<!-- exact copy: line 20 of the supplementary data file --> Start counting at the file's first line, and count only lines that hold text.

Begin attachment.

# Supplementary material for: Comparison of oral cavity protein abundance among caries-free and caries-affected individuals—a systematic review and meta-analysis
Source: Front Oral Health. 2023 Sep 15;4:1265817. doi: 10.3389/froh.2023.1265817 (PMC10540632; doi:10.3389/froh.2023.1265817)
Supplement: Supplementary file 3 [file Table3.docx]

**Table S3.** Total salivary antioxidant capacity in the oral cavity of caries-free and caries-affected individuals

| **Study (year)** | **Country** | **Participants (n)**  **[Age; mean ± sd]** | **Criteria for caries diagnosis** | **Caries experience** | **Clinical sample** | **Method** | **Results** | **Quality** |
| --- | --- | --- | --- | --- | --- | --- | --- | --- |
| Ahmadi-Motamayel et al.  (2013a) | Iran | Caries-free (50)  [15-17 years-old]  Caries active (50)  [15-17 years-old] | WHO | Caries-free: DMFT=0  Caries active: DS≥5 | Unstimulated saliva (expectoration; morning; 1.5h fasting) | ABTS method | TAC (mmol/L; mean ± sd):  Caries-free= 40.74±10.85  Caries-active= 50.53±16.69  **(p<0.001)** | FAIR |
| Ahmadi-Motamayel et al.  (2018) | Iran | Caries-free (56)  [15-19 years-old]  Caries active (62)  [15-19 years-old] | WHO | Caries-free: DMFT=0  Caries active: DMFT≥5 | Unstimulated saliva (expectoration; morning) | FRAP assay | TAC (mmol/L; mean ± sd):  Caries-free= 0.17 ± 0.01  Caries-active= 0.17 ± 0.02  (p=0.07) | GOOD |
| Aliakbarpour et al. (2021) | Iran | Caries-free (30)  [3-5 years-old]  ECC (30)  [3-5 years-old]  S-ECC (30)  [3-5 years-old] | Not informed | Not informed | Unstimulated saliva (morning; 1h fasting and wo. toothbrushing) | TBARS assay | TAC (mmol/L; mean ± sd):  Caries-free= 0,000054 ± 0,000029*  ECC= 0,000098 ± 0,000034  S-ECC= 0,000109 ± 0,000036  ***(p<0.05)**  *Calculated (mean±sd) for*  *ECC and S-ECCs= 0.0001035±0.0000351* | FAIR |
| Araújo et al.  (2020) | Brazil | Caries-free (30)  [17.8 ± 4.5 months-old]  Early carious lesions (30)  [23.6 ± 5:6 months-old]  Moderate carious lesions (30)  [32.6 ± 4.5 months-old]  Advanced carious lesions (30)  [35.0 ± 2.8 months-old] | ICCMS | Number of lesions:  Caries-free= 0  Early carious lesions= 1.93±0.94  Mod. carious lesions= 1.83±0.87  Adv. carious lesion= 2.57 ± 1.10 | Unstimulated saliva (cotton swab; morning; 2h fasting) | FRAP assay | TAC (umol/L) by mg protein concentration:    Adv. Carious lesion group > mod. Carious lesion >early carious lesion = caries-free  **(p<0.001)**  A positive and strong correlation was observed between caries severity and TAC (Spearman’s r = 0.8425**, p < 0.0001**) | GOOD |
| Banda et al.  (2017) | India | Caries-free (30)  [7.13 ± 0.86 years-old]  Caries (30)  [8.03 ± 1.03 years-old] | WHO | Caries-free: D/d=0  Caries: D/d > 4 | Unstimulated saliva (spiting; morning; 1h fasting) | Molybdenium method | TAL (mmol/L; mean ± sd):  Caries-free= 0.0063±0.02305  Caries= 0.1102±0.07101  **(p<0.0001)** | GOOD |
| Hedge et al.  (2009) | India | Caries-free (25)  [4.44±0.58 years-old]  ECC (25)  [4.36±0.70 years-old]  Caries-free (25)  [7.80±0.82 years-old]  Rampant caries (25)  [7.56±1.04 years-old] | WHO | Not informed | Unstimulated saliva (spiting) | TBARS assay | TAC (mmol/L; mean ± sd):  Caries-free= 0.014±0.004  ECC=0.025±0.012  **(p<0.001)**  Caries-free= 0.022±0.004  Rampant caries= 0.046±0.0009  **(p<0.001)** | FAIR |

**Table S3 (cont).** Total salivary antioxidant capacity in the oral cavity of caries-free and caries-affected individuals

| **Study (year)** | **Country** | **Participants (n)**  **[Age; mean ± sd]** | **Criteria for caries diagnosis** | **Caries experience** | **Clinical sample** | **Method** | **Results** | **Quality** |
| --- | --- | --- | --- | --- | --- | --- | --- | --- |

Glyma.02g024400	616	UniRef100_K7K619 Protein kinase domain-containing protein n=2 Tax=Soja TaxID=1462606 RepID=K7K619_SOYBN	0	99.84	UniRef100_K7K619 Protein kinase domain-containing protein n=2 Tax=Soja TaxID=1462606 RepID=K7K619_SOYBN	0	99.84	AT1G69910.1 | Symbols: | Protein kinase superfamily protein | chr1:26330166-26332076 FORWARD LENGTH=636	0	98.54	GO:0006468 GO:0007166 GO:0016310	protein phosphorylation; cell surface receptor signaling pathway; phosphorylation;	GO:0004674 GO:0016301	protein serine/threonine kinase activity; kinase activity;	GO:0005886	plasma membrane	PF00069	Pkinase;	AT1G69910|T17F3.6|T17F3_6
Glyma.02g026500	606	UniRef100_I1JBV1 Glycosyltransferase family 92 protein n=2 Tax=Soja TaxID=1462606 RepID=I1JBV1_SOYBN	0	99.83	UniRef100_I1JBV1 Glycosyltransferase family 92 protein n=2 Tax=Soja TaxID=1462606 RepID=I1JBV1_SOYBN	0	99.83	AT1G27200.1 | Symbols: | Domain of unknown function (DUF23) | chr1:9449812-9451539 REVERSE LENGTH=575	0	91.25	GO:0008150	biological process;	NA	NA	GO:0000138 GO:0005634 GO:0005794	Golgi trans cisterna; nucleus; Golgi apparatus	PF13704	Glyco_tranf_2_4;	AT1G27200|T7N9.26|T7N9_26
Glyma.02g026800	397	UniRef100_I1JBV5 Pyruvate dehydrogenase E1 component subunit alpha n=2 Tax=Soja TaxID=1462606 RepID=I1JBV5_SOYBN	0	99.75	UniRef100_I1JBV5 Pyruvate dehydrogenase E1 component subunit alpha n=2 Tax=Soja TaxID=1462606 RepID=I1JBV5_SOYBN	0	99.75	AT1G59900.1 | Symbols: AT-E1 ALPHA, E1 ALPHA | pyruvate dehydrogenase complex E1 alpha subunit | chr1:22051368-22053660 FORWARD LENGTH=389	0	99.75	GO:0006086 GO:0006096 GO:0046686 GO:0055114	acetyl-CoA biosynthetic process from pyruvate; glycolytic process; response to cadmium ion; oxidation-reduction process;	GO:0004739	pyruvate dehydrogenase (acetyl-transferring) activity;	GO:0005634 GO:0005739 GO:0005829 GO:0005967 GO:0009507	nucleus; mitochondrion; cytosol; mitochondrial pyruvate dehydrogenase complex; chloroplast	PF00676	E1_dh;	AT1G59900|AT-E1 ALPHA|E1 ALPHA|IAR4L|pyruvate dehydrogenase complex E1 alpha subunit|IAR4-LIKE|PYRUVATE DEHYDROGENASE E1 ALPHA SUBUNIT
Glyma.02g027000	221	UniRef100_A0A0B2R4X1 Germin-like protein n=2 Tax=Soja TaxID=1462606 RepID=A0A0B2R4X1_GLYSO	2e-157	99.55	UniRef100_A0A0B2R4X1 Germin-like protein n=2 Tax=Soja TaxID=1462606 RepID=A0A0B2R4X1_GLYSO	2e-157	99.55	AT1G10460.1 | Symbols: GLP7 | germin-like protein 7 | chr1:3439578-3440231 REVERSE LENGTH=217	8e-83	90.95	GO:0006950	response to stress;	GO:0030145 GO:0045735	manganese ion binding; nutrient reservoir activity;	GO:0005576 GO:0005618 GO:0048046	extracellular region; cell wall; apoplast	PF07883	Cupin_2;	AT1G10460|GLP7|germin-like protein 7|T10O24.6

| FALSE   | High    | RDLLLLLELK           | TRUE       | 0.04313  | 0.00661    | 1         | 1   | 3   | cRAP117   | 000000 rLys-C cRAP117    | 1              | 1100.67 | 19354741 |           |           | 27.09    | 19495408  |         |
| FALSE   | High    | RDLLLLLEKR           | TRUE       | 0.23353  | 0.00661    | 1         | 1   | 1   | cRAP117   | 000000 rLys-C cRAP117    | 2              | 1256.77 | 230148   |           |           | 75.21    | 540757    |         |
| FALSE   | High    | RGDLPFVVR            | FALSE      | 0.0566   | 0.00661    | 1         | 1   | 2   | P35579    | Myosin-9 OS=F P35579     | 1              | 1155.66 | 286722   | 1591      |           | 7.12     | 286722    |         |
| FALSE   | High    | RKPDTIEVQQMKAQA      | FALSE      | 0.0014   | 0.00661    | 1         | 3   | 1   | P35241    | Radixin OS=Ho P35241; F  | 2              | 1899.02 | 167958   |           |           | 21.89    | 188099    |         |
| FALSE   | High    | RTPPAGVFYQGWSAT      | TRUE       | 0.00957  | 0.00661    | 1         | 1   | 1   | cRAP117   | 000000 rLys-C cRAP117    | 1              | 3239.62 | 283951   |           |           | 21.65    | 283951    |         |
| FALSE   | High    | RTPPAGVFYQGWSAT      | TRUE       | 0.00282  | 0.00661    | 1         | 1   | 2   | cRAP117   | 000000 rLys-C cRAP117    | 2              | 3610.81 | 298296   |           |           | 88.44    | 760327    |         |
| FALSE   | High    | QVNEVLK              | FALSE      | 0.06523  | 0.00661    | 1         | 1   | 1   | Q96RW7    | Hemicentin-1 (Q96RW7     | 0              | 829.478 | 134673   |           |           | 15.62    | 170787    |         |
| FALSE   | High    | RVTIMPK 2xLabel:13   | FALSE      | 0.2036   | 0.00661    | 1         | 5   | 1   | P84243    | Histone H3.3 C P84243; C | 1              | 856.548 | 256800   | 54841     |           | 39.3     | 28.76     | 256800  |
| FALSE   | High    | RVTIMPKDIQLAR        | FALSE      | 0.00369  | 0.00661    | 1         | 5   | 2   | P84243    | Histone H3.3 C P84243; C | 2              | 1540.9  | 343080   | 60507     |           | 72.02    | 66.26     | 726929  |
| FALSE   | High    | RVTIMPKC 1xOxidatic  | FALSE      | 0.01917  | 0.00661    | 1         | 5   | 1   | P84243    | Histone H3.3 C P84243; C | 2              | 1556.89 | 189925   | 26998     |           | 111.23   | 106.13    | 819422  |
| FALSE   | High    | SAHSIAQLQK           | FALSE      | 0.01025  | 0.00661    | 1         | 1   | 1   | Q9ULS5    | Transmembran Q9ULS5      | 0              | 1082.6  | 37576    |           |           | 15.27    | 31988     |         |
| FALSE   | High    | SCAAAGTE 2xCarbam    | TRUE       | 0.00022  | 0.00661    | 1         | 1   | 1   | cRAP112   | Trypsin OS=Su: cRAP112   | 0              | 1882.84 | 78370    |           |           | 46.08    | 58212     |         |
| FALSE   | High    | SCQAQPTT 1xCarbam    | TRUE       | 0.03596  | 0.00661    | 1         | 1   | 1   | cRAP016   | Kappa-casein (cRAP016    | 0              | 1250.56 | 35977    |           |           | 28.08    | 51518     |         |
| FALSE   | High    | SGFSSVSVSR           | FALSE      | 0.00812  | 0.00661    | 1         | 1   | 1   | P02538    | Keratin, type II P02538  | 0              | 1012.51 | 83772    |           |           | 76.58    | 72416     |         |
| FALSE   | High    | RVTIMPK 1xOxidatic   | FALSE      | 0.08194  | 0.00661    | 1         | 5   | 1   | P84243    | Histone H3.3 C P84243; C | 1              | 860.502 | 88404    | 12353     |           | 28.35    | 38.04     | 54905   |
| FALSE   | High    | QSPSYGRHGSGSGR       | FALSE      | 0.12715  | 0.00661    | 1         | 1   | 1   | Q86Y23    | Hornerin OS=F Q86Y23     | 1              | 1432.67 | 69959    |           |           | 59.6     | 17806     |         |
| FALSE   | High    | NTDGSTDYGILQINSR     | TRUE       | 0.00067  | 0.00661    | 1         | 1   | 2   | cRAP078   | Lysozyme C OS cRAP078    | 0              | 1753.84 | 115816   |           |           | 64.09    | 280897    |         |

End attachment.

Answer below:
| FALSE   | High    | RDLLLLLELK           | TRUE       | 0.04313  | 0.00661    | 1         | 1   | 3   | cRAP117   | 000000 rLys-C cRAP117    | 1              | 1100.67 | 19354741 |           |           | 27.09    | 19495408  |         |